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Twitter 'promoted trends' cost $120,000 a day

An example of a
An example of a

Want to promote a "trend" on Twitter? It'll cost you $120,000 a day. And here we've been, wondering how the free-to-use, short-messaging blog was going to make money.

What is a "promoted trend"? A real trend on Twitter is one that reflects what users are tweeting about — often the latest news or gossip. Promoted trends are ads, basically. With Father's Day coming up, for example, the Twitter hashtag, #BestDad, is promoted, although not all #BestDad tweets are from advertisers; many are also from those tweeting talking about who is (and isnt') a best dad. And, in a quick check, AT&T shows up with an ad using the #BestDad hashtag.

Twitter announced "promoted trends" last fall. And costs to buy one have zoomed up quickly, from the $25,000 to $30,000 initially to the six-figure zone, notes The Next Web.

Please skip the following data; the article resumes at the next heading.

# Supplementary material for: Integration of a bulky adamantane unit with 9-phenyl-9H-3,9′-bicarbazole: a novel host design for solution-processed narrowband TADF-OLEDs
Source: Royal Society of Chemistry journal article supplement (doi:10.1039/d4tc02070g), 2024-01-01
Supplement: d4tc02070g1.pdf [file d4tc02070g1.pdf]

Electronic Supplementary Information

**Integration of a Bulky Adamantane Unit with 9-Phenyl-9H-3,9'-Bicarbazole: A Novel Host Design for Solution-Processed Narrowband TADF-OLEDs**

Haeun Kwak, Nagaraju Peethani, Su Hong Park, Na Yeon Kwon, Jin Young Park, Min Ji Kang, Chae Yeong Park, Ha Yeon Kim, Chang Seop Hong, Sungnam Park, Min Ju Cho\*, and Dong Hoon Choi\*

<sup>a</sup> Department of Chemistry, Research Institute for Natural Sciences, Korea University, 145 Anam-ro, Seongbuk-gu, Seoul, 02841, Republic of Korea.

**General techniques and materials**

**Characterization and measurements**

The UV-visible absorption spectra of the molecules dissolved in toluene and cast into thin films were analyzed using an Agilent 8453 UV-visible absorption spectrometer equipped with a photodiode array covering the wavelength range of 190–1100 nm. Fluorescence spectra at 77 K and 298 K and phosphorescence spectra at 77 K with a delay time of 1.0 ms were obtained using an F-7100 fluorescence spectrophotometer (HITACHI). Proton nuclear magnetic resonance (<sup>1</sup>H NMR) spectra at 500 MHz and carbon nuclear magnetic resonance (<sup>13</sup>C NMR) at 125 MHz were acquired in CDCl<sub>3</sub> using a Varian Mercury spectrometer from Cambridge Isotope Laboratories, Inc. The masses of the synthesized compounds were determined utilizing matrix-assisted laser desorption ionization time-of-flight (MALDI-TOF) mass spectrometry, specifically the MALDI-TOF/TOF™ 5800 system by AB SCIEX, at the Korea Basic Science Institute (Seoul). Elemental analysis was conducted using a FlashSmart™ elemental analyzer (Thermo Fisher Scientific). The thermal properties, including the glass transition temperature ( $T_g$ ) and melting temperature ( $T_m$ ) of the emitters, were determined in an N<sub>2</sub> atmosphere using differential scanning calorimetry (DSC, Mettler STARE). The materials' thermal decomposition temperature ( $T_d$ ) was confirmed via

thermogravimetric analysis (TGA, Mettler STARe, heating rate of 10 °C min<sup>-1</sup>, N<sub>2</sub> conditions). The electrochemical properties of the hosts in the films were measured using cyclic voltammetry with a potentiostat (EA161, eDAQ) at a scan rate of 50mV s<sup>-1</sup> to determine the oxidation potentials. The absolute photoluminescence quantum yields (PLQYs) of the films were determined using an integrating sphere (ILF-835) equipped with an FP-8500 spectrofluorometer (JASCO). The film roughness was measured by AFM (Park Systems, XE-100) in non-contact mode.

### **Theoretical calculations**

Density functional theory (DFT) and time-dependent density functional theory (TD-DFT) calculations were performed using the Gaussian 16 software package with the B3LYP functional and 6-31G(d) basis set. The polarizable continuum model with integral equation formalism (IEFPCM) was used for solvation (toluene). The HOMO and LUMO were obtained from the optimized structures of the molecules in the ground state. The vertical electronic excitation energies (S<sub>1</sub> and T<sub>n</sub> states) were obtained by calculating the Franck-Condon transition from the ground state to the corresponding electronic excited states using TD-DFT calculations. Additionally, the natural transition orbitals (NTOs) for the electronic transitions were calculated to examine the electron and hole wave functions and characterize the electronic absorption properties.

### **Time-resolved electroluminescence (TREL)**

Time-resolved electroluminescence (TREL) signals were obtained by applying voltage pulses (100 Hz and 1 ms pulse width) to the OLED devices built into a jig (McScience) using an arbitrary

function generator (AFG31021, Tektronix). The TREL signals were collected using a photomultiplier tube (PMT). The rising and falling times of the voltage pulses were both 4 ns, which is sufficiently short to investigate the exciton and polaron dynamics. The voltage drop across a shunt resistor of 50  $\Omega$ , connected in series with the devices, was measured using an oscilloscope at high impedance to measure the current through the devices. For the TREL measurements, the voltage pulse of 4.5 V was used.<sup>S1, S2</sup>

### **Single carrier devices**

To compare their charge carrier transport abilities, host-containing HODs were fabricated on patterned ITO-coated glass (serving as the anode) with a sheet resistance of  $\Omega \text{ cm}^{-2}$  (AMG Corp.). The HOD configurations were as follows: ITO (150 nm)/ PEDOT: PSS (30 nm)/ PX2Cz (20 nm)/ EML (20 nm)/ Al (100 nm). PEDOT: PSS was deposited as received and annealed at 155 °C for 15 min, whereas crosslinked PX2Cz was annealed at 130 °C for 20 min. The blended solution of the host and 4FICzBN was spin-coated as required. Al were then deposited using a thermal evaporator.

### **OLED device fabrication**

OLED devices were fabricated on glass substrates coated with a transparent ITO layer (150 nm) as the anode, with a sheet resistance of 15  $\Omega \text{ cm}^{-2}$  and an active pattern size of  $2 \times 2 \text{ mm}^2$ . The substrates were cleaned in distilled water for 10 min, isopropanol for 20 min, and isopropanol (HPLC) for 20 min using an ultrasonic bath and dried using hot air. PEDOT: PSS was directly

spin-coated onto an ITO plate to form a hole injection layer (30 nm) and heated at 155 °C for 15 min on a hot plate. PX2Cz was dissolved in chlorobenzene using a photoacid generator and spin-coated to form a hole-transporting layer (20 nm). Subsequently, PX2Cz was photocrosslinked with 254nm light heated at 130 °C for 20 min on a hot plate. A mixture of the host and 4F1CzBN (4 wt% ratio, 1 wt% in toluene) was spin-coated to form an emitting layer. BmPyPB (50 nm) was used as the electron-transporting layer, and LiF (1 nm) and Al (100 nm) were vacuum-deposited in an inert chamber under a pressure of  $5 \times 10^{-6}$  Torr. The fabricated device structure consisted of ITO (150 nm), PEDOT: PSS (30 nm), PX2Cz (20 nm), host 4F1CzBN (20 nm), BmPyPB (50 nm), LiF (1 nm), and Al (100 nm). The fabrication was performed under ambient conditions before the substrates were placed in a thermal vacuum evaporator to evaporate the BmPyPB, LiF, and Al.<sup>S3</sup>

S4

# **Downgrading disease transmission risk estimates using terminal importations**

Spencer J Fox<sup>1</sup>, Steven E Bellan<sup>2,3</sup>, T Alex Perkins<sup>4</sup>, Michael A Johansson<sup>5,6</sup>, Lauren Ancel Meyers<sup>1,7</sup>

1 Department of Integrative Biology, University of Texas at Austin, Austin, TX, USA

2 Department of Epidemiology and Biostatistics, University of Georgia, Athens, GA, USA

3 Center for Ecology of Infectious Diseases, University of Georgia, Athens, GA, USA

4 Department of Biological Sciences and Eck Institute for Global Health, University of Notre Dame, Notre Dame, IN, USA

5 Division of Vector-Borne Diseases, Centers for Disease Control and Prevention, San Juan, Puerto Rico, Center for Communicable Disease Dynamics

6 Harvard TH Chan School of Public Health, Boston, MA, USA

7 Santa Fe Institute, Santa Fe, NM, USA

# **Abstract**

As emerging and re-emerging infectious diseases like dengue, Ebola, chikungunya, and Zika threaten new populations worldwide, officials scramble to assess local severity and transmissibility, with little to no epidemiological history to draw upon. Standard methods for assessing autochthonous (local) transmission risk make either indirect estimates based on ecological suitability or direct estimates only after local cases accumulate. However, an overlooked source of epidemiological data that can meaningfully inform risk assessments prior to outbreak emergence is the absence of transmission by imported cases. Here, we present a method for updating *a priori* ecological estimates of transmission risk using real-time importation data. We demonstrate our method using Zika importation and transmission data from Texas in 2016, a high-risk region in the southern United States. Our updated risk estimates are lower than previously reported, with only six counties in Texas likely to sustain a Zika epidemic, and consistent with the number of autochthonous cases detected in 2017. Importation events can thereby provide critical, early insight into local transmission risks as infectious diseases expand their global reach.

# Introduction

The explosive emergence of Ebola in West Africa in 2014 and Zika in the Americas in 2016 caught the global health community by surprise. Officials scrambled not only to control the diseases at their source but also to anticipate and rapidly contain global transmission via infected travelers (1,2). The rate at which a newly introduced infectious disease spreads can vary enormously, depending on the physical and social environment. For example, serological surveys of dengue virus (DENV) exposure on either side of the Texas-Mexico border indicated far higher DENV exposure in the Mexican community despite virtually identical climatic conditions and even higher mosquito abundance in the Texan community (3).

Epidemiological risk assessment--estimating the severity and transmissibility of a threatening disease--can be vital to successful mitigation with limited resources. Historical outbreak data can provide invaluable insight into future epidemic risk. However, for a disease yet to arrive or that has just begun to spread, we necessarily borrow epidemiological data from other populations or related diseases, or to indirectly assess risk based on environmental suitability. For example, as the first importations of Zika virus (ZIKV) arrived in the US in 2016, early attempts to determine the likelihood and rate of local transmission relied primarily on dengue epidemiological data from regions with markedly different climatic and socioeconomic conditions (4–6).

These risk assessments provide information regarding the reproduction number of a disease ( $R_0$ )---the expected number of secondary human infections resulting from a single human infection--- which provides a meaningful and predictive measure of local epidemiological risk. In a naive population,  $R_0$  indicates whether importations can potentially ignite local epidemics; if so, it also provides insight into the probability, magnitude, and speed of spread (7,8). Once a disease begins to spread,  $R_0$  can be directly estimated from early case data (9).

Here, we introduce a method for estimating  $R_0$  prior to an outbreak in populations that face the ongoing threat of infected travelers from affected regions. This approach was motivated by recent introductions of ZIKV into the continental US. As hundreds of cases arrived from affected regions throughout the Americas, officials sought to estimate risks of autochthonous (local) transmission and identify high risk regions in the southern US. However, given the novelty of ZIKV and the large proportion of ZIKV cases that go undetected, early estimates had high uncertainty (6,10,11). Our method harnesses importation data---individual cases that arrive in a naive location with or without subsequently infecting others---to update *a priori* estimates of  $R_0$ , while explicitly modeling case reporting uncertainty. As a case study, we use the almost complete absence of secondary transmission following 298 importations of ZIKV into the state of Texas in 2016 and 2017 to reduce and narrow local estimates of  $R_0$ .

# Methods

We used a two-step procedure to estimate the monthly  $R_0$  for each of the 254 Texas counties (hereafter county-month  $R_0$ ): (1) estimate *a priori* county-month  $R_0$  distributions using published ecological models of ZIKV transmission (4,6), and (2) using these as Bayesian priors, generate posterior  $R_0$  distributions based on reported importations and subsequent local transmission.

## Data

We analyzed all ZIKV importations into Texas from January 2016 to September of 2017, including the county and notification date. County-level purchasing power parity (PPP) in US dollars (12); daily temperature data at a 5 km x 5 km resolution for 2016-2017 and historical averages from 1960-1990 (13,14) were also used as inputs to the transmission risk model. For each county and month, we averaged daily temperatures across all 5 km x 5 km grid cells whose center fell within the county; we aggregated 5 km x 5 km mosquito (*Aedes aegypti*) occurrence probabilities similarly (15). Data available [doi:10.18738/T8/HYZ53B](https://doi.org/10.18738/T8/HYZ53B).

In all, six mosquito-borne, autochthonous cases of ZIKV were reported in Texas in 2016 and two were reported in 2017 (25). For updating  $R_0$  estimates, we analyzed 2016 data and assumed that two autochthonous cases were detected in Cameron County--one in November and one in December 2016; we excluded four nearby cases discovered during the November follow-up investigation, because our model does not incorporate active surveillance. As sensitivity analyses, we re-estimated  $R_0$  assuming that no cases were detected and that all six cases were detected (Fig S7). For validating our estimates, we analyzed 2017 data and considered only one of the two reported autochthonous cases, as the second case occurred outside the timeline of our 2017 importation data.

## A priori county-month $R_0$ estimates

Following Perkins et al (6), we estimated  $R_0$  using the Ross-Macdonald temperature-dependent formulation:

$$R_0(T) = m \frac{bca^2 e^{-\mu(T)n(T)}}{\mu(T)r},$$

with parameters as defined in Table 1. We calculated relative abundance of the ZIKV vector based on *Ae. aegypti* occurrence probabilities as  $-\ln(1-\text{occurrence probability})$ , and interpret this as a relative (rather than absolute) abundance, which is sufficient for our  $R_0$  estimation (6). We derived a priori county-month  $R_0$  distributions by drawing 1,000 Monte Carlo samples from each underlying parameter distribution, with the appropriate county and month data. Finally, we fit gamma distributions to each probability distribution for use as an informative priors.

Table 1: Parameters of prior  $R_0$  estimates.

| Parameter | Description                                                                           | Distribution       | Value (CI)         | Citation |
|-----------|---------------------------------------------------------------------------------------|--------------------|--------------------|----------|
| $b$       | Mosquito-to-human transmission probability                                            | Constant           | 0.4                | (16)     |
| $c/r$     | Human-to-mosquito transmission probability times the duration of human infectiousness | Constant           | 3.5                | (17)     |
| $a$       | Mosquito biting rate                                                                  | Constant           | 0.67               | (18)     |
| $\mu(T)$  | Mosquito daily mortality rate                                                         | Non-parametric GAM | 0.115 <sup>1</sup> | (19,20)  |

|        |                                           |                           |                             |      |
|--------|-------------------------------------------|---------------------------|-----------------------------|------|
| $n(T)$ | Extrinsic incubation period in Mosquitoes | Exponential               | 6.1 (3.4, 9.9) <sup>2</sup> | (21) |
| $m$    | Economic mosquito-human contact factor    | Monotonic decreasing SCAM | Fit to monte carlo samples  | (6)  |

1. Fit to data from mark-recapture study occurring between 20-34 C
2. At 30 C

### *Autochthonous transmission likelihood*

"While this is clearly good news for Twitter, it’s bad news for small businesses, with the minimum ad spend required overall on Twitter sitting at $15,000 over 3 months, making this pretty much a no-go for those with limited ad budgets. $5,000 per month on advertising via a relatively new and unproven platform is too much for many small businesses."

An example of a promoted tweet, one from AT&T.
An example of a promoted tweet, one from AT&T.

Adam Bain, Twitter director of revenue, told ClickZ recently that Toyota, HBO and Samsung have been among the promoted trend advertisers. For those companies that can't afford promoted tweets, there are "promoted accounts," which lets advertisers pay per follower based on a bid system, he said.

"Paying $4 for a follower is a pittance because the ROI (return on investment) is insane, he said. "Because again once they have a follower, they can keep marketing to that guy as many times as they want without worrying about where they are across the Web or what kind of mindframe they're in."

All of this is still in the early stages for Twitter. And while's it's not in Facebook's league yet when it comes to advertisers, it's not bird feed.

— Via The Next Web

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